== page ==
The compiler is to blame for everything

Many programmers are very fond of blaming the compiler for different errors. Let's talk about it.

Are you sure?

When a programmer tells you that the compiler causes an error, it is a lie in 99% of cases. When you start investigating the problem, you usually find out the following reasons:

  • an array overrun;
  • an uninitialized variable;
  • a misprint;
  • a synchronization error in a parallel program;
  • a non-volatile variable used;
  • code leading to undefined behavior;
  • etc.

Many went through fixing such errors. Many read about them. But it doesn't prevent them from blaming the compiler for all sins again and again. Each time it seems that it's exactly it which is guilty.

The compiler, of course, might also contain errors. But this probability is very small unless you use some exotic compiler for a microcontroller. During many years of working with Visual C++ I saw only once that it had generated an incorrect assembler code.

A small recommendation

Before starting to blame the compiler and write about it in the code or on a forum, carry out a thorough investigation. First, you will eliminate an error in your code sooner. Second, you won't look silly in other programmers' eyes who will point out your slip-up.

What made me write this post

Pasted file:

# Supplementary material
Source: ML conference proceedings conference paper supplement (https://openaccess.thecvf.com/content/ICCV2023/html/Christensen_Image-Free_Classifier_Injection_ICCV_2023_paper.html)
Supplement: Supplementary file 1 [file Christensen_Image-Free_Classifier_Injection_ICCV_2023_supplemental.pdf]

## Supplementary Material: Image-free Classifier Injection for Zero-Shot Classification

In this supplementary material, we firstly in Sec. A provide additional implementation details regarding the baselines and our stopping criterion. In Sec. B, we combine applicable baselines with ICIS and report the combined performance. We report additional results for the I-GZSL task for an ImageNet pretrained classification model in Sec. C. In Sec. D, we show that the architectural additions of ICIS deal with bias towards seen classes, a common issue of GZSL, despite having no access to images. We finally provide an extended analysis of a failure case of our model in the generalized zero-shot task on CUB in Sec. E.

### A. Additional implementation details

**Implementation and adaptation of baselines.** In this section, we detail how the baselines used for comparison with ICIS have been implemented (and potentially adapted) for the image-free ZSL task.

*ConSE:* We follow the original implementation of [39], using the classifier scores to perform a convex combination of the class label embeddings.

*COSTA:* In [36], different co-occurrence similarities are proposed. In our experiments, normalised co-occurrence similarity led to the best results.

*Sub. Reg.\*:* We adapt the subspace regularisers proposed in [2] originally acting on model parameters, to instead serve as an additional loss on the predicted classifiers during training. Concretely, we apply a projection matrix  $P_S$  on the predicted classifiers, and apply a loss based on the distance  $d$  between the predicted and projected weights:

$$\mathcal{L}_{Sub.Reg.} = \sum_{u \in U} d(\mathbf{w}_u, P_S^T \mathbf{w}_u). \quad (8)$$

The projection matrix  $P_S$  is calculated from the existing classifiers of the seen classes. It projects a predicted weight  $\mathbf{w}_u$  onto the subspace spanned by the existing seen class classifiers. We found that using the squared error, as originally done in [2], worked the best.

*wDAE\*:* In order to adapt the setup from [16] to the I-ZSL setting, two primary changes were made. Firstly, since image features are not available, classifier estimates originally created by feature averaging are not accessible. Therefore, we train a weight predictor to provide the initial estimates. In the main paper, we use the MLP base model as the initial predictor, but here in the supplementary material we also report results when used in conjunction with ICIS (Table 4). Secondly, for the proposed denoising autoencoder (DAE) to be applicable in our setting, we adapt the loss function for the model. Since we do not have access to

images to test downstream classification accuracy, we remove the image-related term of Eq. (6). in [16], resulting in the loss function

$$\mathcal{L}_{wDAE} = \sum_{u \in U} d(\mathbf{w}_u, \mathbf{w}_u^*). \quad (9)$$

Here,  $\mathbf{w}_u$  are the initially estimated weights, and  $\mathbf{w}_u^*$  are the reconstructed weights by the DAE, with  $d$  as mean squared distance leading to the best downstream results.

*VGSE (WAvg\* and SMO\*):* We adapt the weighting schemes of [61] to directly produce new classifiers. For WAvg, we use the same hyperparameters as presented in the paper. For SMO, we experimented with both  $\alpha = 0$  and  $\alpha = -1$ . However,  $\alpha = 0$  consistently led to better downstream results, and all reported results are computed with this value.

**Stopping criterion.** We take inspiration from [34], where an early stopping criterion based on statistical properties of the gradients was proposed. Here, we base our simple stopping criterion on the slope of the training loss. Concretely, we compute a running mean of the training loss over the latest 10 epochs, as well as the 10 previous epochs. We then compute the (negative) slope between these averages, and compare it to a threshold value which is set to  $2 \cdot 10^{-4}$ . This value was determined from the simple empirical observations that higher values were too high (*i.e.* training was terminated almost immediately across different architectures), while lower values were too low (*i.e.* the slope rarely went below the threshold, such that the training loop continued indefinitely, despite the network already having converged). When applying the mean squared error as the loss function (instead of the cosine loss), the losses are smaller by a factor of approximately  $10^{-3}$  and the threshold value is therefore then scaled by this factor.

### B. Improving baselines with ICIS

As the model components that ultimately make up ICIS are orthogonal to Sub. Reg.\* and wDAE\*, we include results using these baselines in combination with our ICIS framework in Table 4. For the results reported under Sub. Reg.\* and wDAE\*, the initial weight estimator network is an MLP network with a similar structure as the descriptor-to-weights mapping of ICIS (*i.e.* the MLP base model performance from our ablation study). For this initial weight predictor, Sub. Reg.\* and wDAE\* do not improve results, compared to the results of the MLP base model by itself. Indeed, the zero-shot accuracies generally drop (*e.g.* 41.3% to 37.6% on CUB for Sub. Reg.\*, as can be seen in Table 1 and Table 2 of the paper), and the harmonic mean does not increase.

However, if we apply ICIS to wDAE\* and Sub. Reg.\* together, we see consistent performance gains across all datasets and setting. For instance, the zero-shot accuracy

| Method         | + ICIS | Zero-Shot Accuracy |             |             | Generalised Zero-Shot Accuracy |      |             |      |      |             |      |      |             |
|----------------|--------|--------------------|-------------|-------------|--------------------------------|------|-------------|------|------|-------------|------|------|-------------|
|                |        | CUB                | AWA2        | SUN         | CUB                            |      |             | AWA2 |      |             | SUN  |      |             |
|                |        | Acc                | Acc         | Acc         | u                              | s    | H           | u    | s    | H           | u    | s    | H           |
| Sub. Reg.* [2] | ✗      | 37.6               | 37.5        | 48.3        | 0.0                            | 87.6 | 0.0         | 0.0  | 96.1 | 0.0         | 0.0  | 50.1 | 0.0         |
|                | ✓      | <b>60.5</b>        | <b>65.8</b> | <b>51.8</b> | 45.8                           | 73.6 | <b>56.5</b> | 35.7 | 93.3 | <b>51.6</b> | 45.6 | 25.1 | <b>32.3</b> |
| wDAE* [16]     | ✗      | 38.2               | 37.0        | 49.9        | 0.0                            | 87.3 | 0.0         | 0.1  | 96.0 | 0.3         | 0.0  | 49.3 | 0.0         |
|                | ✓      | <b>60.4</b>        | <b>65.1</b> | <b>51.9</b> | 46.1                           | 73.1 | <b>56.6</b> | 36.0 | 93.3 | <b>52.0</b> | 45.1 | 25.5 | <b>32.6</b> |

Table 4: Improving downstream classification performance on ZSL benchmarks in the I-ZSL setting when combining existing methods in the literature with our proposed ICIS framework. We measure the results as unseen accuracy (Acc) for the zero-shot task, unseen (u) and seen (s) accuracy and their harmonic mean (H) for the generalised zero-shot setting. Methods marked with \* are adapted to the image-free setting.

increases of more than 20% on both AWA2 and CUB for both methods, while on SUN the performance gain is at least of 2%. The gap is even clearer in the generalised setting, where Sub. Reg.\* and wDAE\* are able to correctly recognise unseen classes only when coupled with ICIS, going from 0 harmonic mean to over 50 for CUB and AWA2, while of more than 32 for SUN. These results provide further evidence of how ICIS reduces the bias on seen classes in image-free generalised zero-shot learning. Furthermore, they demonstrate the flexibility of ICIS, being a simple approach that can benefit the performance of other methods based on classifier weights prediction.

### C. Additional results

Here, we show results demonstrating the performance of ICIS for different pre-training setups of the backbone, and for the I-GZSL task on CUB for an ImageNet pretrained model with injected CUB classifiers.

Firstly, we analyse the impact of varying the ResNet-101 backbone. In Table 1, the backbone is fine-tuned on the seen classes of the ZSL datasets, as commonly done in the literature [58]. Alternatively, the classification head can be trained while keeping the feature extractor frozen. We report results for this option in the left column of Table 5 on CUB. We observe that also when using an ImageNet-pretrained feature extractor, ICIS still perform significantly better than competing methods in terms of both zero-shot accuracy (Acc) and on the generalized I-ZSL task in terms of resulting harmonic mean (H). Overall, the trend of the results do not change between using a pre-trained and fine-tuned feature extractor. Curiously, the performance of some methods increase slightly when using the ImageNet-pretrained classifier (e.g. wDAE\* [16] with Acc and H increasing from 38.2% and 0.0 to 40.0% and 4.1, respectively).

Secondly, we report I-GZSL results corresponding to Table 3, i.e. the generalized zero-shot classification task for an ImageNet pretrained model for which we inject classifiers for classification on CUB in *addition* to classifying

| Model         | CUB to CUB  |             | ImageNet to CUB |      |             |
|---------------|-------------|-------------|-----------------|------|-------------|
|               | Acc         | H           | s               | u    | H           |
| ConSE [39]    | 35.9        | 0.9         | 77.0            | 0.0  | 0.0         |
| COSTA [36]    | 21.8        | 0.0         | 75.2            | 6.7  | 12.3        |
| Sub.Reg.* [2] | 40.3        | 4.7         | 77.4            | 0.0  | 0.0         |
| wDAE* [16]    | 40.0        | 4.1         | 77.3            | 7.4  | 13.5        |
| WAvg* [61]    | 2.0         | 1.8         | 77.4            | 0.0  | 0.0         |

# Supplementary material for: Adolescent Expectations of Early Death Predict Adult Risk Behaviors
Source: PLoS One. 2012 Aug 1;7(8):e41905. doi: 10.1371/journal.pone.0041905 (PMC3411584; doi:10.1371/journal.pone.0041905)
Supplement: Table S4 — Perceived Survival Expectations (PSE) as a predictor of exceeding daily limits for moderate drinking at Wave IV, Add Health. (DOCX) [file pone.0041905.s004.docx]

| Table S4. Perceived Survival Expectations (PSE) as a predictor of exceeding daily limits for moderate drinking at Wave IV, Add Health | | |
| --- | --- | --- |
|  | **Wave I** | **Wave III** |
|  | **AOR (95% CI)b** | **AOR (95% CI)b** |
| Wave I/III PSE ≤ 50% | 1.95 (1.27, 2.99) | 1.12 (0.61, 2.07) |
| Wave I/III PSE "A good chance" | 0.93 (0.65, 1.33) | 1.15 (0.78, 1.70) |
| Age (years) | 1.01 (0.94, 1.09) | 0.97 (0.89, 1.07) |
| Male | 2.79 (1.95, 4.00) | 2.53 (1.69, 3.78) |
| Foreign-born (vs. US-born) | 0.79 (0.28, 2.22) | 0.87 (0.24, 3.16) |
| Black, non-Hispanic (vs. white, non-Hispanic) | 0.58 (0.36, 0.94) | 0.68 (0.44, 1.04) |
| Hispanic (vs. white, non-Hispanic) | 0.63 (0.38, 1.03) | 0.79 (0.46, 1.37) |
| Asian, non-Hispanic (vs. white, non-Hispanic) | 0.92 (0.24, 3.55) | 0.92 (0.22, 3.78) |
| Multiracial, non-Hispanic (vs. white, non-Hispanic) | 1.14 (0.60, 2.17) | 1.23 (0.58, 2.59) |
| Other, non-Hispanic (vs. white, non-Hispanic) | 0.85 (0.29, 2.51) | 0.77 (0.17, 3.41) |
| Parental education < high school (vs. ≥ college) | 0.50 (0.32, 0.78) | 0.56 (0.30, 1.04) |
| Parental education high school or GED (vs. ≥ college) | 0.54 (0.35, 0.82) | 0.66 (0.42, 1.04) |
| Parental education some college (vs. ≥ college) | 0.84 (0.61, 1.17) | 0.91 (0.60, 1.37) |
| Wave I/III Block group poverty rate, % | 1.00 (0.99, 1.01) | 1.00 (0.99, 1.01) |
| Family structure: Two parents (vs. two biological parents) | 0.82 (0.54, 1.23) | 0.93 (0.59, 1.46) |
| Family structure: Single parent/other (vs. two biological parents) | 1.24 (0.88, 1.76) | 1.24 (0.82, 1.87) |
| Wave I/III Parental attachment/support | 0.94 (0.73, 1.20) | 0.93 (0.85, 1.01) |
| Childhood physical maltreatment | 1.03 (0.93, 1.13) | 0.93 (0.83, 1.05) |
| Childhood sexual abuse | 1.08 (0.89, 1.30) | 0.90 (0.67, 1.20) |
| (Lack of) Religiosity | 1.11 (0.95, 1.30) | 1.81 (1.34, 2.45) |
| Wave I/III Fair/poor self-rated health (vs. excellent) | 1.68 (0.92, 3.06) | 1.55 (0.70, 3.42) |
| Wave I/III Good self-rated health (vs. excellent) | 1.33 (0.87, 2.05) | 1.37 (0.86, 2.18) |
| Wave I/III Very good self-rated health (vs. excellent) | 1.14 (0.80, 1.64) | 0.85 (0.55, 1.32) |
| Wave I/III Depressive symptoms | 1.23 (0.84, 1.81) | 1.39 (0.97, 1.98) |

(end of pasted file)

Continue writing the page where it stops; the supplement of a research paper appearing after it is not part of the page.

I've been much amused by a code fragment from the ffdshow project. Here it is:

TprintPrefs::TprintPrefs(IffdshowBase *Ideci,
                         const TfontSettings *IfontSettings)
{
  memset(this, 0, sizeof(this)); // This doesn't seem to
                                 // help after optimization.
  dx = dy = 0;
  isOSD = false;
  xpos = ypos = 0;
  align = 0;
  linespacing = 0;
  sizeDx = 0;
  sizeDy = 0;
  ...
}

Looking at the comment I can imagine how angry the programmer was. Oh, that insufferable compiler! In the debug version all the variables equal 0. In the release version they contain trash because of the faulty optimization. Outrageous! Bad, bad compiler!

Having scolded the compiler, the programmer leaves an accusing comment and goes on to write a code which zeroes each class member separately. Courage conquers evil forces.

Which is worse, this person will be absolutely sure that he/she has encountered a bug in the compiler and will tell everybody how much he/she has suffered because of it.

If somebody hasn't got the humor of the situation, I will explain. The memset() function in that sample doesn't work because of a simplest error: the third argument calculates the pointer size, not the structure size. The correct call should look like this: "memset(this, 0, sizeof(*this));".

By the way, the memcpy() function nearby works poorly too. I'm sure the programmer believes compiler developers are inept creatures.

void Assign(const AVSValue* src, bool init) {
  if (src->IsClip() && src->clip)
    src->clip->AddRef();
  if (!init && IsClip() && clip)
    clip->Release();
  // make sure this copies the whole struct!
  //((__int32*)this)[0] = ((__int32*)src)[0];
  //((__int32*)this)[1] = ((__int32*)src)[1];
  memcpy(this,src,sizeof(this));
}